4 Nearly Self Working Card Tricks (PDF) by John Gelasi $10.00
15 pages, 2 photographs
Available at: http://gelasimagic.weebly.com
I enjoyed John Gelasis Just Cards and recommended it in my review on 1/18/12. So I was excited to devour his latest offering.
The author writes pretty well and does a good job of teaching the material. The text is unfortunately riddled with numerous typographical errors.
He duly cites his inspirational sources, but he misses some crediting.
Mr. Gelasi includes links to video performances of each effect. This is an illuminating complement to the text. I hope that more authors include this valuable feature in their published work.
Ive included those links in this review. I encourage you to watch them.
The author states, I personally think that self-working card effects can be the strongest effects to use on an audience. Audiences are bound to comment on your use of sleight of hand to accomplish the effects during your performance. However, the use of the methods involved in self-working effects eliminate most, if not all of the sleight of hand that some audiences are accustomed to seeing magicians do.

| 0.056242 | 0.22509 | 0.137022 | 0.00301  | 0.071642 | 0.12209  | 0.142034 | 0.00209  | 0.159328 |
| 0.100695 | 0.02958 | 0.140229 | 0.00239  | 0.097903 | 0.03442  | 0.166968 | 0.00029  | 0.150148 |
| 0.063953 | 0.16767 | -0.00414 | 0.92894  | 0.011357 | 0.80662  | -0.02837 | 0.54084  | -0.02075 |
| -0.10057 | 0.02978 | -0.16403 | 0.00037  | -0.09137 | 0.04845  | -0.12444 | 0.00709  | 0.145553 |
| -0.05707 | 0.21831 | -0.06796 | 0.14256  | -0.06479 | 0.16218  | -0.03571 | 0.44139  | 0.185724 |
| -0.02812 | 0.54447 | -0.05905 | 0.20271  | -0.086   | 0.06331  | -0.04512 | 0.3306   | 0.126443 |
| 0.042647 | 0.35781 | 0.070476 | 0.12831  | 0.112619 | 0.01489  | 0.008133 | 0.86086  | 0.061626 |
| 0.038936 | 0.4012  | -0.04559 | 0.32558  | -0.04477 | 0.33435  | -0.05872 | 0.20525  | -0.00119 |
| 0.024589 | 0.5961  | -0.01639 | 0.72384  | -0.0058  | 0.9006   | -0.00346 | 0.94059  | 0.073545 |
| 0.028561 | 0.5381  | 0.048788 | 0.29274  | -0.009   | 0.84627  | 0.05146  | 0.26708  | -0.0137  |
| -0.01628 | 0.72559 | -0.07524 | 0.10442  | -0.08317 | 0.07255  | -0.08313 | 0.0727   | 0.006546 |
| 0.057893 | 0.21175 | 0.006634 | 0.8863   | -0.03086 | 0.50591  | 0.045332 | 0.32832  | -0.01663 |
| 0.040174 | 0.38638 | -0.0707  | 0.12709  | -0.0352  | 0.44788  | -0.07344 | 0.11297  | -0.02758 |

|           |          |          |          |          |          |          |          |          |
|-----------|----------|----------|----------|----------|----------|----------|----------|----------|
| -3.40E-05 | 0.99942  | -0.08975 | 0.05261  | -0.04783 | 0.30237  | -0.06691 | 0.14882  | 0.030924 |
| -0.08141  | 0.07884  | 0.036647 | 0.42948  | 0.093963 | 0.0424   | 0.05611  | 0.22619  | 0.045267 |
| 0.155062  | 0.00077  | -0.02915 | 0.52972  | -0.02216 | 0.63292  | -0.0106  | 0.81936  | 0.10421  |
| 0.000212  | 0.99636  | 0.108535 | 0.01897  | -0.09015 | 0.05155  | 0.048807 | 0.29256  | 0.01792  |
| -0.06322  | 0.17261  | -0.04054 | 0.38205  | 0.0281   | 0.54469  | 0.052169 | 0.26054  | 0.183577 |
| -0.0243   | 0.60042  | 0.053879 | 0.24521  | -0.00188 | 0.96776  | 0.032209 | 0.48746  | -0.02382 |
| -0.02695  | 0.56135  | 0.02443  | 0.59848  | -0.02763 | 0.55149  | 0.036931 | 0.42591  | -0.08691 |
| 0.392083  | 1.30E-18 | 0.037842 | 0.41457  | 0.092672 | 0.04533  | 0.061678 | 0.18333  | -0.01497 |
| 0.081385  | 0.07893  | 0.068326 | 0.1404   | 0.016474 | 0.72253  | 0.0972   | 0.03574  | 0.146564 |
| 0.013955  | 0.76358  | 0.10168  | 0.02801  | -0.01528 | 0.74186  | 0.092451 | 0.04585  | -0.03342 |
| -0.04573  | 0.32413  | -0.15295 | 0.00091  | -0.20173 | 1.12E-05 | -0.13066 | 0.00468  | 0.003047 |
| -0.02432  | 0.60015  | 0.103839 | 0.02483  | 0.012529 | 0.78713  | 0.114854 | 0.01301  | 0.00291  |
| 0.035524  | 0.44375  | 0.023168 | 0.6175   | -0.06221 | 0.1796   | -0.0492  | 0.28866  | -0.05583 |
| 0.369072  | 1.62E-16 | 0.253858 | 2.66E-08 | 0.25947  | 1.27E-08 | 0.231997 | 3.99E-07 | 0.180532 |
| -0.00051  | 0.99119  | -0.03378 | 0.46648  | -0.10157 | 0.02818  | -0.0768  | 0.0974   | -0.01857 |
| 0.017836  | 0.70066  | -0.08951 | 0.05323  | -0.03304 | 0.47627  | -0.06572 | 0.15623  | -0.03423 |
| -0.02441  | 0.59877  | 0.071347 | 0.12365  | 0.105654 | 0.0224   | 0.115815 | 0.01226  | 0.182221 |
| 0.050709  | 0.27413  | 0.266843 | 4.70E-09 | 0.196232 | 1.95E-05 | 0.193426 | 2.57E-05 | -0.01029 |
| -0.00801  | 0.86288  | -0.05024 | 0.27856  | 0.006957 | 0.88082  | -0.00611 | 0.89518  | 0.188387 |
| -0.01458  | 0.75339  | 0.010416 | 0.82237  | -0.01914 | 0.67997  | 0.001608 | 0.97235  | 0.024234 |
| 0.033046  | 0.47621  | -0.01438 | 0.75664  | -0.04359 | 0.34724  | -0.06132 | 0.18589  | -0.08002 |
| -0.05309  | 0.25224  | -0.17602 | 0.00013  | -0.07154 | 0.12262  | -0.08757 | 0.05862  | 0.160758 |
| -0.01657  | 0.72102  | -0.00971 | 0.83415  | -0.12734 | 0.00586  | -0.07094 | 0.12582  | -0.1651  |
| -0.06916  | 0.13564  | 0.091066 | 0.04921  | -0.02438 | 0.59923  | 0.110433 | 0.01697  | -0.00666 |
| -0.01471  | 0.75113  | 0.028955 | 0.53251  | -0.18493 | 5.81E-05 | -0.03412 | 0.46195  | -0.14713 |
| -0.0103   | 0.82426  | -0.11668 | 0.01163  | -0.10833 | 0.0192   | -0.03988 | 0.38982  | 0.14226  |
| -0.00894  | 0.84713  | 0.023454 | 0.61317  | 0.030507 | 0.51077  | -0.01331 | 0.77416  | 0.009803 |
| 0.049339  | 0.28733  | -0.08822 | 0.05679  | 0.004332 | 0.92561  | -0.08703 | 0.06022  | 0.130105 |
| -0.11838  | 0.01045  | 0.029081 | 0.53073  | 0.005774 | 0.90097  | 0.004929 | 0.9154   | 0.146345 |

I have news for Mr. Gelasi. Audiences are not supposed to see a magician executing sleight of hand. The work is supposed to be invisible! If they are accustomed to seeing sleight of hand, they have been watching technically inept performers.
It seems that when Mr. Gelasis uses the term nearly self working, he is referring to methods that are sleight-free or sleight-light. The term doesnt seem to refer to the amount of physical work (procedure) required to achieve the effect.
My notion of the term nearly self working or semi-automatic is broader. Not only is the method sleight-free but, by definition, the effect must essentially work itself. Thanks to stacks or key cards or whatever, the performer is required to do very little work to bring the effect to a successful conclusion.